Verbrugge contends that at least "some part" of the cause of action occurred in Santa Cruz County and that the requirements of Code of Civil Procedure section 393, subdivision (1)(b), are thus satisfied. He points out that his employment required him to perform services in Monterey, Santa Cruz, Santa Clara, San Mateo and Alameda Counties, and that since the dismissal disrupted his working relationships with law enforcement officers in those counties, it took effect in those counties and not in San Francisco, and that the charges resulting in his dismissal included alleged falsifications of travel expenses occurring in Santa Cruz County.
It is true that certain acts which constituted the charges again Verbrugge resulting in his dismissal allegedly occurred in counties other than San Francisco but the basis of his cause of action is the dismissal from his job. This clearly took effect at the bureau's headquarters in San Francisco, [7 Cal. App. 3d 932] out of which he was employed. We emphasize that the cause of action referred to in Code of Civil Procedure section 393 is that of the employee against the discharging agency, rather than the converse.
While there are no cases in California dealing with venue in a mandamus action under Code of Civil Procedure section 1094.5, which inquire into the validity of a decision of the State Personnel Board, there are cases involving analogous situations which give some support to our conclusion that this case must be transferred to San Francisco County.
In Cecil v. Superior Court, 59 Cal. App. 2d 793 [140 P.2d 125], the Director of Agriculture issued an order revoking the license of a milk distributor. The court held that the county in which the milk distributor carried on the business and in which he would be hurt by the enforcement of the order was the proper county for redress, under Code of Civil Procedure section 393, subdivision (1)(b). The court stated: "It is where the shaft strikes him, not where it is drawn, that counts." (P. 799.)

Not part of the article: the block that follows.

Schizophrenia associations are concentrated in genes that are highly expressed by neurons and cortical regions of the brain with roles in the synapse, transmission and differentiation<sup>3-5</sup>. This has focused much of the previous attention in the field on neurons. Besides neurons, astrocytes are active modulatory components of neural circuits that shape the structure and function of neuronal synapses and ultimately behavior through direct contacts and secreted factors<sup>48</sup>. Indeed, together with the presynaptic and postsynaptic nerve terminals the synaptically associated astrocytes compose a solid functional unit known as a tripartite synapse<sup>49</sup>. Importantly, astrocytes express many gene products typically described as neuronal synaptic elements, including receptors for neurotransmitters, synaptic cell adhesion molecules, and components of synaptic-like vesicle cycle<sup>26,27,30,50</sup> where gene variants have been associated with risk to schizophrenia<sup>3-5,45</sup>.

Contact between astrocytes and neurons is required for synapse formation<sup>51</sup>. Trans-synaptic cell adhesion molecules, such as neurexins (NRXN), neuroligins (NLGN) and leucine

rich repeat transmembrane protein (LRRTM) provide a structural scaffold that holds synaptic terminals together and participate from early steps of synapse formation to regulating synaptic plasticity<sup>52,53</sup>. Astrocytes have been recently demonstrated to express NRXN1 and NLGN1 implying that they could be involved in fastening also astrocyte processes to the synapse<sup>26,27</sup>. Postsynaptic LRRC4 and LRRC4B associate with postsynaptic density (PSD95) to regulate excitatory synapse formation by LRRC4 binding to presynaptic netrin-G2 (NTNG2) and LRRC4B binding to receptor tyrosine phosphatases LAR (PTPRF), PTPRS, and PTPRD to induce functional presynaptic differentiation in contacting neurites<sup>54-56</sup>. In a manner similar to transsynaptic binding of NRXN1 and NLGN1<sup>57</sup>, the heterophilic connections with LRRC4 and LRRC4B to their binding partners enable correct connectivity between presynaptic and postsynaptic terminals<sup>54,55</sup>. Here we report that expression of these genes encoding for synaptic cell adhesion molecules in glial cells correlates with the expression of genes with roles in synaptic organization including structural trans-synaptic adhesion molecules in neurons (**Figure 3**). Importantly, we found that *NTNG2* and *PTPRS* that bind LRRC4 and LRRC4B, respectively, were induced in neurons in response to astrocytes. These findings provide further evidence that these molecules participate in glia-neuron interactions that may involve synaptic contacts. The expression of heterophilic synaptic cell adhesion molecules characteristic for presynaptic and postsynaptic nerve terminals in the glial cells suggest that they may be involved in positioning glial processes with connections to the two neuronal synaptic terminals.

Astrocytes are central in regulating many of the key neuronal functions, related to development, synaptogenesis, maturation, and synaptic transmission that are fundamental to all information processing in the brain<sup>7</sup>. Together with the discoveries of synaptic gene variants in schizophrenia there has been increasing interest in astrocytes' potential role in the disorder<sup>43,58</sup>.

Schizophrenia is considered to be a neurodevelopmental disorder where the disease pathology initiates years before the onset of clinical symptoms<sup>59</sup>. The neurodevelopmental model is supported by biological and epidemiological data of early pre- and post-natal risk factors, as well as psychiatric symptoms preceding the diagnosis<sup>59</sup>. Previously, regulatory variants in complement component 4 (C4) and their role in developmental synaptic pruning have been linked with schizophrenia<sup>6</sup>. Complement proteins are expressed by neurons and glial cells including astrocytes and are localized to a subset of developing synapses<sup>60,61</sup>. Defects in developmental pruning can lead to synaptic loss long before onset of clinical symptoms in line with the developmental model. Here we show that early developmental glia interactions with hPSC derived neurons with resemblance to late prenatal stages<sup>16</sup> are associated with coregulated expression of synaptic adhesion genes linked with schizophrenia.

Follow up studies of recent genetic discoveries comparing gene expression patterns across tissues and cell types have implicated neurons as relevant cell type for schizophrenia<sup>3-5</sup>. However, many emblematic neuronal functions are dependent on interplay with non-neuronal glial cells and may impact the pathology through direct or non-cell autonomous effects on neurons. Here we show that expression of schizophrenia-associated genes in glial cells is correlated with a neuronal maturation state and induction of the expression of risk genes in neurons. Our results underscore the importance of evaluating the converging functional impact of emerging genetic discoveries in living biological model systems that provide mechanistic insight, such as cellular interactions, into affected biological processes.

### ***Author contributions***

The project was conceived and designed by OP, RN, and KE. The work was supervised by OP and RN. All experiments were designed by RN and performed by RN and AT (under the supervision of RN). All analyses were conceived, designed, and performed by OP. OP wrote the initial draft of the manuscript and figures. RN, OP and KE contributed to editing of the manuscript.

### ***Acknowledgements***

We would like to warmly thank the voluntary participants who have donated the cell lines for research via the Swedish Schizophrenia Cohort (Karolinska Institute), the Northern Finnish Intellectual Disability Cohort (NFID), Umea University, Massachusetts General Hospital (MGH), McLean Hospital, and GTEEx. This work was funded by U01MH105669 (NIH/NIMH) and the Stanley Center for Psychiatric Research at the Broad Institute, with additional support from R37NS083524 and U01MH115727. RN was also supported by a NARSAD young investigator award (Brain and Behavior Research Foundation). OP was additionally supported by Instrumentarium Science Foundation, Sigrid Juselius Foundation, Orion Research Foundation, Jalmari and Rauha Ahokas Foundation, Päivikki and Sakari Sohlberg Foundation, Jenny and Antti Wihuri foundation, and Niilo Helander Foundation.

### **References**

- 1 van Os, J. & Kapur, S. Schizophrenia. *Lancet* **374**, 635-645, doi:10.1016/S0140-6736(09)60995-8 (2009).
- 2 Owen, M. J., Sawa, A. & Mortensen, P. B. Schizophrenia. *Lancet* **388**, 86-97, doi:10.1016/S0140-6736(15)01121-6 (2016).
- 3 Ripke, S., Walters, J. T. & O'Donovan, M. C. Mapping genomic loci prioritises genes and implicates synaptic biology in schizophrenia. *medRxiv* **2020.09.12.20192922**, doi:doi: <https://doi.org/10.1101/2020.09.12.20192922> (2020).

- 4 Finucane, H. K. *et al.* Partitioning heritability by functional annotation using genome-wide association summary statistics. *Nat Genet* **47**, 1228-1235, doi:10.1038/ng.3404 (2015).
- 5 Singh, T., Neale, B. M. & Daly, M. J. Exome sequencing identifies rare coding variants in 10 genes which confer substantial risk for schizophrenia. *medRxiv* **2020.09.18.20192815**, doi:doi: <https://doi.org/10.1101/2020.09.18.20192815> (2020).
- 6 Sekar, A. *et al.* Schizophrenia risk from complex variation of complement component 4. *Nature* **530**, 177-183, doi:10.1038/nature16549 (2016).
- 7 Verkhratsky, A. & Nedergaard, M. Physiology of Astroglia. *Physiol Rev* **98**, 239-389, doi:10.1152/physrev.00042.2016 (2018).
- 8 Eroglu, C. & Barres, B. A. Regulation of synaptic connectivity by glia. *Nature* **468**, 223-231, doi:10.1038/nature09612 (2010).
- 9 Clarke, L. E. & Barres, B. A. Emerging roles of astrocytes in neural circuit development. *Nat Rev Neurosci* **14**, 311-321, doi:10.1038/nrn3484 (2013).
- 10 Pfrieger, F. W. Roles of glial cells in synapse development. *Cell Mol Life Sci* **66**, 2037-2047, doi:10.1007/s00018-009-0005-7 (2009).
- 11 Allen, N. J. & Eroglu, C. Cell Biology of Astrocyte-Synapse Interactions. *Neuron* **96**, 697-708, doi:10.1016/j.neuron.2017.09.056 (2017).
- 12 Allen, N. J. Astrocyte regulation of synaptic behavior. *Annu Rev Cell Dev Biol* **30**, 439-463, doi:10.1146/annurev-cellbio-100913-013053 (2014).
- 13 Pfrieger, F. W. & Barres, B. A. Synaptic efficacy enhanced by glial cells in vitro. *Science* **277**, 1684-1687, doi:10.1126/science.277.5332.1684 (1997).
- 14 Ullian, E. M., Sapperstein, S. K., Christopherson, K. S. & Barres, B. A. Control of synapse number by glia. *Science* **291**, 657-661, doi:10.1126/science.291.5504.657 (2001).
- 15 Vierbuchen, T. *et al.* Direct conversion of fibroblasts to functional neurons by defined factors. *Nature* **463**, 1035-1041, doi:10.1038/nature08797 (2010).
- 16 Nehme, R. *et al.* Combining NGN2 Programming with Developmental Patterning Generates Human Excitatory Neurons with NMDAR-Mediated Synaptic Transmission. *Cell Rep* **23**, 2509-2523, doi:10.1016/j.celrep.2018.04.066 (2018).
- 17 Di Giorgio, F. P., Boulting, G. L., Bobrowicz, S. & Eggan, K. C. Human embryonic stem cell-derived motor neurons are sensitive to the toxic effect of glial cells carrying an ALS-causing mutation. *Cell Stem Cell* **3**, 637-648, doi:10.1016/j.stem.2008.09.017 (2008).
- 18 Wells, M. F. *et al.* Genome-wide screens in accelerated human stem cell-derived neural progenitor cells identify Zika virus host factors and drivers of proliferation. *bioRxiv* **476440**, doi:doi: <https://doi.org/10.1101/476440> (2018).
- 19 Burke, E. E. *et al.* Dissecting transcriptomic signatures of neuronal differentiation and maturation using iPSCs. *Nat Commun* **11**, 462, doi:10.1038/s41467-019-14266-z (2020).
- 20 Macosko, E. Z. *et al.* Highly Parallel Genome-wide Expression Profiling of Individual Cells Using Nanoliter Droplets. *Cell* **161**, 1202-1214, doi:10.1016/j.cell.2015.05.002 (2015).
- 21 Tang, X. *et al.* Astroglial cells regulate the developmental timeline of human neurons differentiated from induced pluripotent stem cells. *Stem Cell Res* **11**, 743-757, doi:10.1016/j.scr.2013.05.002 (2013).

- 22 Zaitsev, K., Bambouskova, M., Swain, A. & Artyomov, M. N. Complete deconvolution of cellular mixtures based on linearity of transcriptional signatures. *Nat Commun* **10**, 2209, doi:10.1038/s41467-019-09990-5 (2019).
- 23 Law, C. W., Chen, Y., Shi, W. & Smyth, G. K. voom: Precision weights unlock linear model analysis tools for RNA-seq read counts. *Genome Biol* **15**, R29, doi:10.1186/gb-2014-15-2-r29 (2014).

In Duval, supra, a contractor whose license had been revoked by the Registrar of Contractors sought review of the revocation order by filing a petition for writ of mandate under section 1094.5 of the Code of Civil Procedure. The court approved the rule laid down in Cecil and concluded that the proper venue was the county in which the contractor's business was situated. There is no indication in the case that venue also attaches to the location where the contractor performs acts which are the basis of the state's disciplinary proceeding against him nor to the location of the contractor's jobsites which, in Duval, incidentally included more than one county, just as in the instant case Verbrugge's assignments took him into various counties. Thus, in both Cecil and Duval, the court, in determining venue, was concerned solely with the question of the former licensees' business addresses, i.e., the headquarters or centers of operation.
The typical mandamus proceeding under section 1094.5 of the Code of Civil Procedure involves an order of an administrative agency which in some way interferes with the affected person's ability to conduct his business. In both Duval and Cecil, the affected person's business address was determinative of venue. In the instant case, the action of the department removing Verbrugge from his job is the cause of his complaint. Thus, by analogy to Cecil and Duval, it is clear that venue is determined by Verbrugge's place of employment or center of operation at the time of his dismissal since that is where the state's action interfered with his activities.
Consequently, we hold the real party's cause of action arose out of the dismissal which took effect at the bureau's headquarters in San Francisco [7 Cal. App. 3d 933] and that the City and County of San Francisco is the proper place for inquiry into the validity of the administrative decision. Let a peremptory writ of mandate issue commanding respondent court to transfer this action to the Superior Court of the State of California, in and for the City and County of San Francisco.
Shoemaker, P. J., and Agee, J., concurred.